We also want to encourage other groups to start to look at their own localities and using our methodology here and throughout our website to set up your own NFM schemes in your street, village, town and city.  There is too much to do by just one organisation so we must encourage other groups to take this on for themselves. 

Please do contact us at if you need specific advice and we will help when we can. 

The Calder Valley as surrounded by upland farms where sheep and beef are the main products. The increased and temporary inundation by flood water is pretty minimal in the scheme of things.  There is some resistance from some but we, and others, work hard to promote the merits of NFM and flood alleviation to landowners and farmers and any dis-benefit could be funded through the new Environmental Land Management Scheme.

We have been involved with quite a few attenuation ponds now around Calderdale and the message is getting across that they do indeed empty after the flood has passed. More though still needs to be done to reassure farmers and landowners.

Through the proposed new Government Environmental Land Management Scheme public goods will be funded by public funding

More locally there is a Calderdale Council NFM grant Scheme is designed for this purpose.  The scheme is currently closed but we do expect it to open again later in the year.  If you have land which you think might be suitable for NFM, please tell us about it here –

See the EA document Working With Natural Processes where there are a number of case studies relating to lowland catchments and coastal areas. This is a very useful working document which should be of great help on this and very many other questions.

Landowners are ultimately responsible for features in the landscape.  Just like dry-stone walls, hedges, fences and tree plantations it falls to the land owner to maintain them in good order. The up-coming Environmental Land Management Scheme is likely to incentivise landowners to carry out public good, such as NFM measures, for public funding. In reality the leaky debris dams we have constructed will require little maintenance during their lifetime (10 to 15 years).

The hope is that ELMs is longer term than 20 years but we agree there probably needs to be a change in the responsibilities associated with land management.

First, a catchment wide approach to flood alleviation is required, highlighting easy win NFM measures. Landowners should be paid a fixed rate per m3 water stored/hedgerows and trees planted etc. The system needs to be as straight forward and easy to engage as possible. Hurdles such as Planning consent and Ordinary Water Course consent should not be obstacles to NFM implementation. NFM interventions need to be maintained over time and monitored for their efficiency and contribution to flood alleviation.   

We are at an early stage in how NFM will be managed over the long term – it is about making attenuation part of mainstream land management rather than a simple one-off. It is hoped that the new Environmental Land Management Scheme will have answers with funding for farmers and landowners for public benefits.

Great question, thank you. See answers above. There have also been several presentations on ELMs and NFM on the CIWEM website –

Sustainable Urban Drainage Systems (SuDS)

Green roofs do well with the right species, and there is plenty of evidence out there (The Green Roof Centre is a good starting point) but for ourselves we only have anecdotal evidence of this. The green roof on our trustee Amanda’s shed has fared very well, which she puts down to species selection combined with a solar powered, water butt fed, irrigation system. The first test of the Flood Warden Store green roof will have been this unusually dry May of 2020 – which, during this unusual period of COVID-19 lockdown, we haven’t managed to visit, so we don’t know!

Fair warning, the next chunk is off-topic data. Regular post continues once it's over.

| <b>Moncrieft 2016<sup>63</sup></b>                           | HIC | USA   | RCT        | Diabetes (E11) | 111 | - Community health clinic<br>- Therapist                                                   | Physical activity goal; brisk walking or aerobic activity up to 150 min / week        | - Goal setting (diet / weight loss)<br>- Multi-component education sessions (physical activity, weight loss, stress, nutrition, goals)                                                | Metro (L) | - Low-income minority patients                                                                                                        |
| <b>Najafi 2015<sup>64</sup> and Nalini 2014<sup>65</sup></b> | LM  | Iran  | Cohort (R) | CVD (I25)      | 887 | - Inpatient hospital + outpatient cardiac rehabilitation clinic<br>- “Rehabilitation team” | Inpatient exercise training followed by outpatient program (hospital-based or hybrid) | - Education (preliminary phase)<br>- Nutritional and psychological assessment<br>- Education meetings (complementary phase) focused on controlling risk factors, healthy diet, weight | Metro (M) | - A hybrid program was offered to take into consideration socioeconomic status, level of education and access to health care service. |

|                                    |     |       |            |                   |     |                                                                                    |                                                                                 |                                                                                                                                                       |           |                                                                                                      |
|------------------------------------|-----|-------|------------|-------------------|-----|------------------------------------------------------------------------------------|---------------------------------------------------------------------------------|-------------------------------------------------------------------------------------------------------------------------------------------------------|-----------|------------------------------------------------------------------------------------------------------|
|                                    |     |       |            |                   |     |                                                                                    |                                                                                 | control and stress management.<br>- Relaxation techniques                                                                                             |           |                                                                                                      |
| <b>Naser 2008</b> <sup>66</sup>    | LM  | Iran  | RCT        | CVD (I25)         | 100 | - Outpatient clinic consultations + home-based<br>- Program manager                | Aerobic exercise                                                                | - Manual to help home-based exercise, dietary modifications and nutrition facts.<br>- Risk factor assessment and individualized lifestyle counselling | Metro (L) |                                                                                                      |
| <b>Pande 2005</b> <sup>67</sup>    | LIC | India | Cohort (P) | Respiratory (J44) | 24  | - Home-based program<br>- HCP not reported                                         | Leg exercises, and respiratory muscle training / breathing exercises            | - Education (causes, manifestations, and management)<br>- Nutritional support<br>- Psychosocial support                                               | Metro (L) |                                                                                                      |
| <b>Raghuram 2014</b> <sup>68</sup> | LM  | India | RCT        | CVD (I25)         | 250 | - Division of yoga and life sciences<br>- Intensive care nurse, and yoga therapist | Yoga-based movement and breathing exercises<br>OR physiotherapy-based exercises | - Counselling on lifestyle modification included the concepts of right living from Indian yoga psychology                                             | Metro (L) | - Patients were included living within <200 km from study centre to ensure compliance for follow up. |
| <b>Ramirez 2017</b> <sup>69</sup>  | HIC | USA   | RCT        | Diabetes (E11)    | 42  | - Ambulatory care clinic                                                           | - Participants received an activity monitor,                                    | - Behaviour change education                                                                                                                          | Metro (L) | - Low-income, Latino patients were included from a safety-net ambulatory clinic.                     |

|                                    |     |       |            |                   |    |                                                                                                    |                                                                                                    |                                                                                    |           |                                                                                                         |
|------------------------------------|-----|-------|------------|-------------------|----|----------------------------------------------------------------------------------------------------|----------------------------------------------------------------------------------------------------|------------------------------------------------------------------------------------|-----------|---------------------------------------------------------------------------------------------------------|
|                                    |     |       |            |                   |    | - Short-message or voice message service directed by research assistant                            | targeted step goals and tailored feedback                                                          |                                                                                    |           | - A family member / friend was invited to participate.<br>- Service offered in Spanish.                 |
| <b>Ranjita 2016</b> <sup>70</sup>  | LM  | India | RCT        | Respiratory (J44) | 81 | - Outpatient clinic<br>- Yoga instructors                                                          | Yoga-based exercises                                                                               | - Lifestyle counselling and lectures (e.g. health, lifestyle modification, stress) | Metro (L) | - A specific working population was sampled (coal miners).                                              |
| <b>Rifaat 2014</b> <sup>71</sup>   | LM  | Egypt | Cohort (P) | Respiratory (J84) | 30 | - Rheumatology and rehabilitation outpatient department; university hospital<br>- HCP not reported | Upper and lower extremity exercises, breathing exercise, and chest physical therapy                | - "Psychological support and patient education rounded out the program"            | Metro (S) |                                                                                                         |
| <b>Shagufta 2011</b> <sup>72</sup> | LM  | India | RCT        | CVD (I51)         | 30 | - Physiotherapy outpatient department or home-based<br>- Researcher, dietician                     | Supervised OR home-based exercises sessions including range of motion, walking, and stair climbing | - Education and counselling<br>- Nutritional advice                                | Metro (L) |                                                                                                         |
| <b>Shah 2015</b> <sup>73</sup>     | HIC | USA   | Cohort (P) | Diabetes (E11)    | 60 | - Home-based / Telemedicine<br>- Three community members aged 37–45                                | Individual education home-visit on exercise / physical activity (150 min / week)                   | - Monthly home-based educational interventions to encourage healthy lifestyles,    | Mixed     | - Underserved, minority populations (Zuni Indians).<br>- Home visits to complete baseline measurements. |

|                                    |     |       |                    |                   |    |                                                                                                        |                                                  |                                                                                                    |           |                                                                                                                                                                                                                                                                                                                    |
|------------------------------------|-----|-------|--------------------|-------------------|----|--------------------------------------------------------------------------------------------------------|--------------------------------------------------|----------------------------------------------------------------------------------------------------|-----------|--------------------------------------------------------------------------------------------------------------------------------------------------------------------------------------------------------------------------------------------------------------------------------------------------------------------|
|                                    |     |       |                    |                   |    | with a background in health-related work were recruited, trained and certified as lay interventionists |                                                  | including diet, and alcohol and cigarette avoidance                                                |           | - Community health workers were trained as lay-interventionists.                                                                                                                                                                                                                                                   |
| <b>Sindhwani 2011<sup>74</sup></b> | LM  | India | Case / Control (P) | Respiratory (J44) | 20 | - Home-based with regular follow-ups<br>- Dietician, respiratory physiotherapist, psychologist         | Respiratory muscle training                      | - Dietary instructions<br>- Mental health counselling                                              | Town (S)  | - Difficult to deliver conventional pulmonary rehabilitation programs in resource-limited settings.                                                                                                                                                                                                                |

The short answer is yes! To some extent – we need a significant increase in uptake in order to make a real difference to flood alleviation. We hope that the more precedents pop up, the more likely local developers are to see Sustainable Drainage Systems (SuDS) as the norm, and include it automatically.

By engaging with the Local Authority, we’ve been able to influence Calderdale’s emerging Local Plan. There is, crucially, a new Flooding SPG to go with it, into which we have been able to have some input, that sets requirements for SuDS. The latest draft we’ve seen still doesn’t go quite as far as we would like. We’d prefer SuDS to be required on ALL developments – all sizes, all flood zones, and retrofit as well as new build (through new build, we can only really stop the problem worsening. To tackle the flooding we already have, we must retrofit!)

Our opportunity mapping pilot project (OMPP) has been fairly successful so far, even without any significant marketing (we’re waiting to advertise in earnest because we are currently producing/peer reviewing a report that attempts to quantify the implications of actually implementing all of the interventions in the OMPP, and rolling out something similar over the wider catchment).

Various schemes in that pilot area, influenced by the mapping, are popping up – we hope to roll it out more widely, this will need significant funding though. 

A couple of interventions we have been directly involved in are retrofit examples – Hebden Bridge Town Hall courtyard and the Flood Store container green roof. There are quite a number of case studies on our website now, the majority of which are retrofit.

The success, particularly of retrofit projects, can be hard to quantify! We set up a bespoke monitoring system for the rain garden planters at Hebden Bridge Town Hall, the results of which do show that they are successful:

They are bespoke – details of their construction are in the case study. We had hoped that the local fabricator could develop them as an ‘off the shelf’ product with local suppliers, but the end cost was going to be prohibitive, particularly for a domestic setting, so they have had to abandon that for now.

A rain garden is basically just any planting that you allow to flood from time to time. It can be a raised planter e.g. at Hebden Bridge Town Hall courtyard, but can also be a planted dry pond / swale etc, or simply a low area in the garden, that naturally intercepts water, or that a disconnected down pipe or water butt overflow leads to.